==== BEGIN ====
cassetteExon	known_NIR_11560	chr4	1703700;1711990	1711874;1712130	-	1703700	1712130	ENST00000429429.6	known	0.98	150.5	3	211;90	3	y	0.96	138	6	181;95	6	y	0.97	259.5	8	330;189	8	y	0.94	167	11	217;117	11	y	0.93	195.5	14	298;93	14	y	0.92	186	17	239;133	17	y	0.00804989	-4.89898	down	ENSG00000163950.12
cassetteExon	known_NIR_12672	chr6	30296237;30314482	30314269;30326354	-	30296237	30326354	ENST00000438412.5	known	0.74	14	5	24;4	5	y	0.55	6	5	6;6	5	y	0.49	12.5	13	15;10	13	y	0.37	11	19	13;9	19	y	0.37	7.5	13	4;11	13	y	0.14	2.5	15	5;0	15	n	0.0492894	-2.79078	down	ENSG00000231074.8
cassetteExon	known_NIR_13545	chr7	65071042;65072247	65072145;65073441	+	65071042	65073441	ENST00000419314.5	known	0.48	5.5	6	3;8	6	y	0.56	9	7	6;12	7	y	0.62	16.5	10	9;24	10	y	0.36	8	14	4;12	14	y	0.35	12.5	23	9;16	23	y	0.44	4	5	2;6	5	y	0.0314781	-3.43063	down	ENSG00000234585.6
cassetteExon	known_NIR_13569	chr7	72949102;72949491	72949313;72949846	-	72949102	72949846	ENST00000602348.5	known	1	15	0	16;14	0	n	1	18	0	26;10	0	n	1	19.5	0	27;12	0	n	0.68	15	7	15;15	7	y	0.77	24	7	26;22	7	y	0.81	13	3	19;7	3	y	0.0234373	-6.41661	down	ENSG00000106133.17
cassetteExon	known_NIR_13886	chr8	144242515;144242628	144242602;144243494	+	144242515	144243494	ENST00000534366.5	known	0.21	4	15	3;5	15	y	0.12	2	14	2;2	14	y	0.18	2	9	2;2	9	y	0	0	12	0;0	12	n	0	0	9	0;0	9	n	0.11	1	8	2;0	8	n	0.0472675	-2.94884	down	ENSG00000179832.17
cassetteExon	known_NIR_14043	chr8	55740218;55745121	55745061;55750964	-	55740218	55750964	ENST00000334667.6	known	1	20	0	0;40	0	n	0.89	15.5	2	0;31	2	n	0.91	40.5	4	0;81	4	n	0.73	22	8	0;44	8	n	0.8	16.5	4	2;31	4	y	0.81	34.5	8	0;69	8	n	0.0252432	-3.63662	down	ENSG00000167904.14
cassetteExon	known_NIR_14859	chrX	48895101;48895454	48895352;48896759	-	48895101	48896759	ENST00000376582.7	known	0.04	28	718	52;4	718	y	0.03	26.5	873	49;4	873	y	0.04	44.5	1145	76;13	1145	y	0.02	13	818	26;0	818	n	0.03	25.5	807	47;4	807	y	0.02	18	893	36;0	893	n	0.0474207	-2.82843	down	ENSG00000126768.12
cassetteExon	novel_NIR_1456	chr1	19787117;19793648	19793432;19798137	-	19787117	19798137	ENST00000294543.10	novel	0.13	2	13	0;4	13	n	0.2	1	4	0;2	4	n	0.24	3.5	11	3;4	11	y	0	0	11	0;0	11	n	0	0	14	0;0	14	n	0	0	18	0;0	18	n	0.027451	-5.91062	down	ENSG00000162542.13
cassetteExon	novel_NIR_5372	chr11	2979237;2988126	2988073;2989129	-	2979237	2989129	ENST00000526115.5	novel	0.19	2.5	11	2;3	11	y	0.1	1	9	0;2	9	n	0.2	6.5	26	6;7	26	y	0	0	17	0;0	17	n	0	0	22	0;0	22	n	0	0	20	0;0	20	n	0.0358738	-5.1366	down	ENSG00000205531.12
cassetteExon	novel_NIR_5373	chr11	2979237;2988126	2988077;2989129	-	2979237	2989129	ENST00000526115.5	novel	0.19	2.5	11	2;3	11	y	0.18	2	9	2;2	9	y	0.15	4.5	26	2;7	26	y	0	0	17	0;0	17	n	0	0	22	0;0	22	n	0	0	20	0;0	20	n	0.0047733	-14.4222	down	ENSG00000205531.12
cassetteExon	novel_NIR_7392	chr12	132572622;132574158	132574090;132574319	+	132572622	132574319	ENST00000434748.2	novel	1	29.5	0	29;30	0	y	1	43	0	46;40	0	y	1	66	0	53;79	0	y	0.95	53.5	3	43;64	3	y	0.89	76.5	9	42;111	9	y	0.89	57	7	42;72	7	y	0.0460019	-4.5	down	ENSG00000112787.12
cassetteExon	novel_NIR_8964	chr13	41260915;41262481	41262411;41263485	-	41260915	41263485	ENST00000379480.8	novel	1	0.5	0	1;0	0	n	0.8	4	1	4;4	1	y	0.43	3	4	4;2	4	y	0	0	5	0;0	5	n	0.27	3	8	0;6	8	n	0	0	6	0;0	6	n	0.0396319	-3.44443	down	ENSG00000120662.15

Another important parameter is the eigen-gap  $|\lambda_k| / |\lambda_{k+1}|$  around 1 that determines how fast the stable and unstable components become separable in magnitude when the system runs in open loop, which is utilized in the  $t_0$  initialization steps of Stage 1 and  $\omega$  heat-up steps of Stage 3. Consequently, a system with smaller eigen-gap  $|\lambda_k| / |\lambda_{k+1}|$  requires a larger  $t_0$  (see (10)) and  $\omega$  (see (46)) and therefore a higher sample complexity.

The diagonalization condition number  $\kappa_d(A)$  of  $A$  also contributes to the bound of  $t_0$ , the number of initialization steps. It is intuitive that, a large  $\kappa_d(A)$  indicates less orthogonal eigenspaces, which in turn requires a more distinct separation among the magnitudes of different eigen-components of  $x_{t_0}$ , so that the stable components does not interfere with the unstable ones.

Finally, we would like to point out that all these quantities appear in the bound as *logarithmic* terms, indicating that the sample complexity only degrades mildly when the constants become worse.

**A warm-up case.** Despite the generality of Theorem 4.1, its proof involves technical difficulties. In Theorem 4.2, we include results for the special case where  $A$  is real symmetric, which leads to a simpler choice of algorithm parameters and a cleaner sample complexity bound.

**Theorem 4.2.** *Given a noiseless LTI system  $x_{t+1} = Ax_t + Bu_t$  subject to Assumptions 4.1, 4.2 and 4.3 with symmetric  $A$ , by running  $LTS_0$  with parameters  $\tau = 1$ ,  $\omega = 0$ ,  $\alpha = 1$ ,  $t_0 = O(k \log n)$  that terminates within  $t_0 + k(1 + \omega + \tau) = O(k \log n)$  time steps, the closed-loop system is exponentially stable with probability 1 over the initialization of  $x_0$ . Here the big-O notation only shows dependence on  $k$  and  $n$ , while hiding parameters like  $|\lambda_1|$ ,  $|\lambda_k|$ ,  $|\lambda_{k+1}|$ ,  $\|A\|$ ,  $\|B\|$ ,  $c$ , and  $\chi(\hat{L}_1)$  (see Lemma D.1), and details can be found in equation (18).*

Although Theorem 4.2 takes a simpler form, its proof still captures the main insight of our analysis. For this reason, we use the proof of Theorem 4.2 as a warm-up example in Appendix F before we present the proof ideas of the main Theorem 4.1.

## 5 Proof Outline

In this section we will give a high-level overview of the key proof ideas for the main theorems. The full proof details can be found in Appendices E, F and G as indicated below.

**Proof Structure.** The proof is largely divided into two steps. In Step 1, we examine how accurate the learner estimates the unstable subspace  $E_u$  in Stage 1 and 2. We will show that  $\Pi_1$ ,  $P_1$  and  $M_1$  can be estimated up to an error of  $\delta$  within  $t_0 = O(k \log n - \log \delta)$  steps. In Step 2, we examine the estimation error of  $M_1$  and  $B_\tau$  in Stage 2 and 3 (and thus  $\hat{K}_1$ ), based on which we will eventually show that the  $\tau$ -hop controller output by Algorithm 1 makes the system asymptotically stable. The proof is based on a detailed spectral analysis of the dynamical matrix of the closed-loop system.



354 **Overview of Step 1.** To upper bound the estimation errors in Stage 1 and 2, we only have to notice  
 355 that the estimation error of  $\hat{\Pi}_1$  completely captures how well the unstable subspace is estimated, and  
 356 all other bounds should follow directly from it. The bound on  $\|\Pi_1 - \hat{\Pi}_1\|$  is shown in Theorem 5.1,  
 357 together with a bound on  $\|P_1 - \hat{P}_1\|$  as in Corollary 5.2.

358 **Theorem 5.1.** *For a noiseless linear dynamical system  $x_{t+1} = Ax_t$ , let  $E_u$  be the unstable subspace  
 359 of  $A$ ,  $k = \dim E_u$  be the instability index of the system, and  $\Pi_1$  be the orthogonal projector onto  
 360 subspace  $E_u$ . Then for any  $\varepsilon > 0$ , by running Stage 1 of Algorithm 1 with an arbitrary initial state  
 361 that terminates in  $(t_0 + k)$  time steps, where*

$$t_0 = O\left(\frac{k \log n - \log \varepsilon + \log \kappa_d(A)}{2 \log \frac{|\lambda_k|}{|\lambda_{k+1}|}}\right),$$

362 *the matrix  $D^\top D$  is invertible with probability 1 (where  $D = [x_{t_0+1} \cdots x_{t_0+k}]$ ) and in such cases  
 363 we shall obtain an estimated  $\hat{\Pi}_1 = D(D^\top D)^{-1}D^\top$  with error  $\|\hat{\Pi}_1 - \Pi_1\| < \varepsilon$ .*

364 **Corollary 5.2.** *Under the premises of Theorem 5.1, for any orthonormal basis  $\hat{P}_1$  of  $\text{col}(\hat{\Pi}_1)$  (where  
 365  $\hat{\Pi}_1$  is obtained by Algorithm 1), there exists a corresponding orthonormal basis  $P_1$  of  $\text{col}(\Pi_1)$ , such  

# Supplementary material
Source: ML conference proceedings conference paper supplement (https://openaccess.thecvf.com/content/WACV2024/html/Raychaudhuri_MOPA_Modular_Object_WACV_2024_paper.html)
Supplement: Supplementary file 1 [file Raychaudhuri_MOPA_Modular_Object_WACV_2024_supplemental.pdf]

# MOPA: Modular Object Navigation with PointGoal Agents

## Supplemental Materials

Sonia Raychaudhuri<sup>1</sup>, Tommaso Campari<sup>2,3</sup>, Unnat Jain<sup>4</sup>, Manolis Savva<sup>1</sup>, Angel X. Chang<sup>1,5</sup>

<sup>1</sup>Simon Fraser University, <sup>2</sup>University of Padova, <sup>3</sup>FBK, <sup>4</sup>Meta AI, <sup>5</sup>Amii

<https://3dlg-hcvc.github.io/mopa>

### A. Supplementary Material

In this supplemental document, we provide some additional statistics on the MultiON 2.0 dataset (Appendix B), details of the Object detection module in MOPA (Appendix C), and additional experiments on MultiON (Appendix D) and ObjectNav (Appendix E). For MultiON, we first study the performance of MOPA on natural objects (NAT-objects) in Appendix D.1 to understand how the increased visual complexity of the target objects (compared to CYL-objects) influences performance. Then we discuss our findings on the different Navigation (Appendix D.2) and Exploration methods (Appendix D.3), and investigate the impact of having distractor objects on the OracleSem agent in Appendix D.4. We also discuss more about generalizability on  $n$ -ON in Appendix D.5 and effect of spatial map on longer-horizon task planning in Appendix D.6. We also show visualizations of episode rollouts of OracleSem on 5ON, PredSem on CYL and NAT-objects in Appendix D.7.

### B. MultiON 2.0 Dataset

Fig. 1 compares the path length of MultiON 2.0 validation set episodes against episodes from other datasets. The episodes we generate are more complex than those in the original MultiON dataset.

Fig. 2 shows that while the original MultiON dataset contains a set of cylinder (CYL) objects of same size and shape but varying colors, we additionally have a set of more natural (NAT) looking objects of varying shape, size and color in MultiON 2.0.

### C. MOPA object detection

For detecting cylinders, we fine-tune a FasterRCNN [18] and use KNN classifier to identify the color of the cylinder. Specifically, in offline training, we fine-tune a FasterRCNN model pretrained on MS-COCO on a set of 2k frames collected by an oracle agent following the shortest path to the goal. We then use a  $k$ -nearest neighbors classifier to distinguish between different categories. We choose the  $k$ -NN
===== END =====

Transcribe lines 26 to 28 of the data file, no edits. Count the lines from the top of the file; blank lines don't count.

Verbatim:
358 **Theorem 5.1.** *For a noiseless linear dynamical system  $x_{t+1} = Ax_t$ , let  $E_u$  be the unstable subspace  
 359 of  $A$ ,  $k = \dim E_u$  be the instability index of the system, and  $\Pi_1$  be the orthogonal projector onto  
 360 subspace  $E_u$ . Then for any  $\varepsilon > 0$ , by running Stage 1 of Algorithm 1 with an arbitrary initial state  